I’ve always been very conservative and have let opportunities slip by. I should have moved to Las Vegas with my Readymix operation. As you know, Las Vegas has been booming the last 30 years. The other regret I have is that I had an opportunity to buy virtually all of Storey County from Curtiss-Wright Corp. (manufacturer of jet engines). During

What advice would you give to A NEW college GRADUATE?

Bruno Benna ’53 (education, business). Born: 1929 • The son of Italian immigrants, Benna was born, with a midwife’s help, in his family’s home in Garfield, N.J., about 10 miles from Manhattan. He came to Nevada on a basketball scholarship, played for legendary Coach Jake Lawlor, and has lived in Reno ever since. He met his future wife, Edna, at a Homecoming party at his fraternity house, Phi Sigma Kappa, in 1948. They married two years later. After graduation, he taught at Billinghurst Junior High School for one year. But with one child born and another on the way, he decided he needed to make more money. He accepted an offer to go to work for a former teammate of his, Ingvart Christensen, in the Christensen family’s concrete business. The two have been business partners for 45 years — first in C.B. (for Christensen, Benna) Concrete Company and now, Rilite Aggregate Company.

Get a job in your field, and if you find you don’t like it, get out as soon as possible and never look back. Give your employer a day’s work for a day’s pay. Get involved in the community — in the arts, service clubs, the University, your church, different organizations — use your expertise, and it will come back tenfold. Be social. Talk to a lot of people. Listen to what they have to say. Many times opportunities come up just by listening and talking. Take advantage of those opportunities. When I was still going to school and tending bar at the Little Waldorf (located where the Eldorado Hotel is in downtown Reno) a businessman gave me some advice. I asked him, “What do I need to do to make money?” His answer was, “Think money 24 hours a day, and you can’t miss. What you will miss is your family and life itself.” My other quote is from George Washington: “Get what you get honestly. Use what you get frugally. That’s the way to live comfortably and die honorably.”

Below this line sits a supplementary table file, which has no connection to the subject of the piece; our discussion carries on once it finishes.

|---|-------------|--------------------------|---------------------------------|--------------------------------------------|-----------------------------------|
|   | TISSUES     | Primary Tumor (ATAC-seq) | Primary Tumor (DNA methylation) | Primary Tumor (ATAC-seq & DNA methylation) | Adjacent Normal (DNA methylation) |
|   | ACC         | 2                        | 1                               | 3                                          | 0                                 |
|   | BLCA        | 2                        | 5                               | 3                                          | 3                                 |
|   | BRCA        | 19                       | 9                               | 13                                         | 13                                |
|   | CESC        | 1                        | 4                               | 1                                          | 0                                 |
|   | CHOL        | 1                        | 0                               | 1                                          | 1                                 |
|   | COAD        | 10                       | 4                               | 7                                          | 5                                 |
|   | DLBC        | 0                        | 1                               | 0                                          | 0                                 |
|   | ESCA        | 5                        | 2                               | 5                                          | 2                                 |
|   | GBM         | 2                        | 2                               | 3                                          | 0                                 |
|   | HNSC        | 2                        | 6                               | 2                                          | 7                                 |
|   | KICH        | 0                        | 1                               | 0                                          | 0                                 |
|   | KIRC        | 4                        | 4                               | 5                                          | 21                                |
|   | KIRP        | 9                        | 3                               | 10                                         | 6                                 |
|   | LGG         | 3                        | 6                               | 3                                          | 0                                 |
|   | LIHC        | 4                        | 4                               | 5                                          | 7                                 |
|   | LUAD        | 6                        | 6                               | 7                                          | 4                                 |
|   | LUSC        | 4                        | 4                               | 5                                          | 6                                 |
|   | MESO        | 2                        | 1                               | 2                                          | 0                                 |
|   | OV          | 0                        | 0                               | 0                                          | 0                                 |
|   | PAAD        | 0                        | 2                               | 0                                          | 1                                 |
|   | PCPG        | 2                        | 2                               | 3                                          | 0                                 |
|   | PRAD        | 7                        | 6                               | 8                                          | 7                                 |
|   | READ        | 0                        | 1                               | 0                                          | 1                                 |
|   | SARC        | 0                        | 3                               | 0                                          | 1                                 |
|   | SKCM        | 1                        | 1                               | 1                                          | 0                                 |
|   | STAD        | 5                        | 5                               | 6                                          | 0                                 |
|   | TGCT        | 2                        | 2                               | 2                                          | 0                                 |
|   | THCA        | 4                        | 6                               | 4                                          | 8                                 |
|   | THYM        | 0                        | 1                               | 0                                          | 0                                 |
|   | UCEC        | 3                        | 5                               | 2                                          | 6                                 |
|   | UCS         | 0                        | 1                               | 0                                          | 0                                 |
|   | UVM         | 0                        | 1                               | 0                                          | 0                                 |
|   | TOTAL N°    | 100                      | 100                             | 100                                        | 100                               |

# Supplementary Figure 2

World War II they bought all the available land in Storey County to test jet engines. Later on I could have bought it all for a million-three. At the time I didn’t have a million-three. But if I’d been more aggressive I could have found the money somehow. Then, again, I wouldn’t have had the time to spend with my family.

What I’ve Done With My Life asks an alum who has been out of school for a while to answer the three questions above. If you’d like to try your hand at this exercise in introspection, email your submission to, or send it via regular mail to: Nevada Silver & Blue, University of Nevada, Reno, Mail Stop 108, Reno, NV 89557-0108. Include a phone number where you can be reached. Don’t exceed 650 words. The magazine will print one submission per issue. Others may be posted at the Nevada Silver & Blue website,

What if the best way to prepare Nevada students for the 21st century were to study as far away from Nevada as you can get?

Not just a place to live. A place to .

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America’s fastest-growing state and the university that’s all over it. • Winter 2007



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Eighty percent of parents say that the availability of study abroad programs would positively influence their choice of university. Fortunately, 25 years ago, the University of Nevada, Reno began the University Studies Abroad Consortium, now offering programs in 25 countries. USAC prepares students for work and

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Winter 2007 | Nevada Silver & Blue  
Winter 2007 | Nevada Silver & Blue  

The magazine of the University of Nevada, Reno